What's Holding Back DVD-RAM?

Is it the threat of tape technology, or is it the lack of a true UDF (universal data format) standard?

Despite moderate success, DVD-RAM jukebox technology has really not taken off yet. "The frenzy is just starting," said Scott Leif, president of Globalstor Data Corp. (Chatsworth, CA). "I think that VARs will try to address nearline storage issues. DVD will become one of the preferred methods for nearline storage where WORM technology is not a priority. But the market is still very young."

There's no doubt that the DVD-RAM market will improve with time. And with the next generation of DVD-RAM due out by the end of this year, capacities will increase as the price stays the same.

Challenges To DVD-RAM
However, there are still several substantial challenges facing DVD-RAM. The first involves the threat posed by tape. Once upon a time, the advantage of optical's true random access created a distinct line between optical and tape. However, improvements in tape performance have narrowed the gap and increased the pricing pressures on the optical vendors.

For example, tape technologies such as Sony's AIT-2, LTO (linear tape open), and Quantum's SuperDLT are all going to compete with DVD-RAM in the nearline storage space. This is especially true in high-capacity applications (defined as greater than two terabytes). If a user can afford to wait 20 or 30 seconds for a file to be retrieved, then tape will offer the same capacity as DVD-RAM at half the price.

A "Shaky" UDF Standard
And there's another challenge. According to Globalstor's Leif, "The UDF (universal data format) standard is still shaky. UDF was primarily developed for the PC world. Bridging the gap between UDF for PCs (or Macs) to UDF for UNIX is going to be a big challenge. There are a number of vendors working on the problem, but it will take 12 months to 24 months before the problem is solved.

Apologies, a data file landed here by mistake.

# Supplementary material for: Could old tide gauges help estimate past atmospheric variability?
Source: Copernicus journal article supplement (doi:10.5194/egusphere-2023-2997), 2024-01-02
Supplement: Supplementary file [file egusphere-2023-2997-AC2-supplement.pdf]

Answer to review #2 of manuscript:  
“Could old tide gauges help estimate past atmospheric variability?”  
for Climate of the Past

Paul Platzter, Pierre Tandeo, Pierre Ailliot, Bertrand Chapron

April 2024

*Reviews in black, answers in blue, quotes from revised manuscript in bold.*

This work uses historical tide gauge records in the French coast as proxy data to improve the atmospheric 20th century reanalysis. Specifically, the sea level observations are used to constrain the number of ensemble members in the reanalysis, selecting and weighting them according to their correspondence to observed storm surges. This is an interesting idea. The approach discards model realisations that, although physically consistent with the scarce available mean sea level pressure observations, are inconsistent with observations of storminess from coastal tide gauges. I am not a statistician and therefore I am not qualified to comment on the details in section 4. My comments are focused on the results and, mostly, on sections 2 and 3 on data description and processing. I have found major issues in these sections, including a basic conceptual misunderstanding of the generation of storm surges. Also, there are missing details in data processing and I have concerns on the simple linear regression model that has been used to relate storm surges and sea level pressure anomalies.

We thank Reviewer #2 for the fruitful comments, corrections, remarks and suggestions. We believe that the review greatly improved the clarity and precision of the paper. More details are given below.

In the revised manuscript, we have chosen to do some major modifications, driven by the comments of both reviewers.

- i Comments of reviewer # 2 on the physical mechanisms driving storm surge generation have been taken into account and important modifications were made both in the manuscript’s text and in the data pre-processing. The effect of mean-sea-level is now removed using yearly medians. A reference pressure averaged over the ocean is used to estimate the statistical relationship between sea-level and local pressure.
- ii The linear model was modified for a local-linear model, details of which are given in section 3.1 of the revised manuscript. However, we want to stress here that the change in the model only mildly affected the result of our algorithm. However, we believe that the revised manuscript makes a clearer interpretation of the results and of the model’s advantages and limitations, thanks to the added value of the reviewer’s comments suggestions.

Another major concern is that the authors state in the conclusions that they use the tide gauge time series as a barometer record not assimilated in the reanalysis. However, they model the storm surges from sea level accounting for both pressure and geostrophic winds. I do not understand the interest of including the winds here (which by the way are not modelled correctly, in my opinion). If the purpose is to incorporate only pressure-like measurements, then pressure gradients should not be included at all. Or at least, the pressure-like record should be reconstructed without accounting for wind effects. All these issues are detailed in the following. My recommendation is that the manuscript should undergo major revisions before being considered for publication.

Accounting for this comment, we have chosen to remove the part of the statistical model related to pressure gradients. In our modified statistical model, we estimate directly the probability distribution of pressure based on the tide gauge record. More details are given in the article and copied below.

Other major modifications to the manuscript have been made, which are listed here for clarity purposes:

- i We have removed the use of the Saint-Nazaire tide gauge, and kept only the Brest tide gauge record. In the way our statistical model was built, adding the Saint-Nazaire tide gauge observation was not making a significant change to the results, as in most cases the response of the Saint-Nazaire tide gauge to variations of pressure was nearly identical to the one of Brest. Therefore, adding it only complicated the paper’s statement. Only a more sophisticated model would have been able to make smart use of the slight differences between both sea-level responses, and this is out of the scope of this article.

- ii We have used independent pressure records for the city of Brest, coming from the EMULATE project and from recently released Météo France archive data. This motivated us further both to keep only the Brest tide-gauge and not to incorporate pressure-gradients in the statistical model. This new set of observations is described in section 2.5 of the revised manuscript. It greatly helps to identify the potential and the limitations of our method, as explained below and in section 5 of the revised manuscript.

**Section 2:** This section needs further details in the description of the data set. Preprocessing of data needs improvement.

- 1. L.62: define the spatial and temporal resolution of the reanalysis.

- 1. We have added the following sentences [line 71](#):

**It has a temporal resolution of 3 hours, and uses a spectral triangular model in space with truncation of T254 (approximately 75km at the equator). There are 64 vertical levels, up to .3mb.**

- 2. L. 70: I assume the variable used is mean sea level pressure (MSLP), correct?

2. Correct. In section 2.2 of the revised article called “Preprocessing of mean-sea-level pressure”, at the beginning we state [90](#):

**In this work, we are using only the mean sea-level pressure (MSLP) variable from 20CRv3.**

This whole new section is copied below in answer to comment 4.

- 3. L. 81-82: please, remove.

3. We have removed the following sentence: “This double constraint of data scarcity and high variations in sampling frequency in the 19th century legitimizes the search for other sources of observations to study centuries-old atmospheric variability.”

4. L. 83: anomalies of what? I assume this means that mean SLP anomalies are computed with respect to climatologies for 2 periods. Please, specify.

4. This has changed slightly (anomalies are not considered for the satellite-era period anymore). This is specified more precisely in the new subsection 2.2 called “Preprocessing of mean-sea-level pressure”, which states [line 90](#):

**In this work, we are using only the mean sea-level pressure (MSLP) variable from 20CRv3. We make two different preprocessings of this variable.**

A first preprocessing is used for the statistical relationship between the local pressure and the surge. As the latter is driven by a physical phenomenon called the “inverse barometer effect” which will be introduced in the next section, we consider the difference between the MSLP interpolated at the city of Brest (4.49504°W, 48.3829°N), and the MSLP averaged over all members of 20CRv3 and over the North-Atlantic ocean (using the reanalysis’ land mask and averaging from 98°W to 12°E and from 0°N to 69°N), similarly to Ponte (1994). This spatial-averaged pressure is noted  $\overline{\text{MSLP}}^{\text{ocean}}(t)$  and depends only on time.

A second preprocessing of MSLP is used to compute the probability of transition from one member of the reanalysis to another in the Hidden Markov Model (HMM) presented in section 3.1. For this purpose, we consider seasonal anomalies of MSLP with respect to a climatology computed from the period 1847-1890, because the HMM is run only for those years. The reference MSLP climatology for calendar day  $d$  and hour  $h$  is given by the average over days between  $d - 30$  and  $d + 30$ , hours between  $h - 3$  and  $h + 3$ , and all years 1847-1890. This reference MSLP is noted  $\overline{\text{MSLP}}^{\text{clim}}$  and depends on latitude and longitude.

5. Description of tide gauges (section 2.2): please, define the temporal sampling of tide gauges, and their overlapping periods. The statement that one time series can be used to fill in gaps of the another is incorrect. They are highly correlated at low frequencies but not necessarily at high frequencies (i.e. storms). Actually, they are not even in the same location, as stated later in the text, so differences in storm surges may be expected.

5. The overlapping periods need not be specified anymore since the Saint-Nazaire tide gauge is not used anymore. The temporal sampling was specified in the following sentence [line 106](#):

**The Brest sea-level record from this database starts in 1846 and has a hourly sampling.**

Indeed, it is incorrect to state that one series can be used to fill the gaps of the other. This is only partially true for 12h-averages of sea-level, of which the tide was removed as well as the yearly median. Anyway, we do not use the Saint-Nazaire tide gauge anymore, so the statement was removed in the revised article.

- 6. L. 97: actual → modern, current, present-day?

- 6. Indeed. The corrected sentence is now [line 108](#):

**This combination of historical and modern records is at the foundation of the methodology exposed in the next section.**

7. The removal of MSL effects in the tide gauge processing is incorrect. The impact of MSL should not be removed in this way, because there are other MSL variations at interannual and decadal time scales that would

"Magneto-optic (MO) has been very successful in the UNIX space because it is plug and play as a stand-alone drive," he continued. "You can take those MO disks and migrate them into library applications. DVD does not have the same luxury."

Chris Stone, VP of marketing for Asaca-Shibasoku (Golden, CO), agrees that the current situation involving UDF is problematic. But, he doesn't believe that it's holding back jukebox sales. "The issue is that UDF is slow. Anytime you have software that can be read by anything from a Mac to a UNIX machine, you're going to have performance issues. There's simply a lot of overhead when writing to the disk."

For example, Stone said if you turn off the verify function when writing to a DVD-RAM library, the throughput is approximately 1.3 MB per second. "If you use the verify function, you're down to 600 KB per second," he said. "If you run UDF, you run at about 150 KB. But there's good news. If you're running a library, you don't need to run the UDF — unless you expect to remove the media for distribution. But people don't buy jukeboxes for distribution; they buy them for throughput."

Stone added that, if customers really need the removable feature, they can drag the information over on Windows explorer and make it into a UDF copy. Then they can bridge it out to a stand-alone drive outside the box.

A Matter Of Time
Therefore, is the lack of a true UDF holding back the market for DVD-RAM libraries? Stone says no. "I don't think the libraries are affected one bit. And the UDF drivers are getting faster and faster. The second version was three times faster than the original — so I think they'll get there. They just need more time."

Mike Downing, contributing editor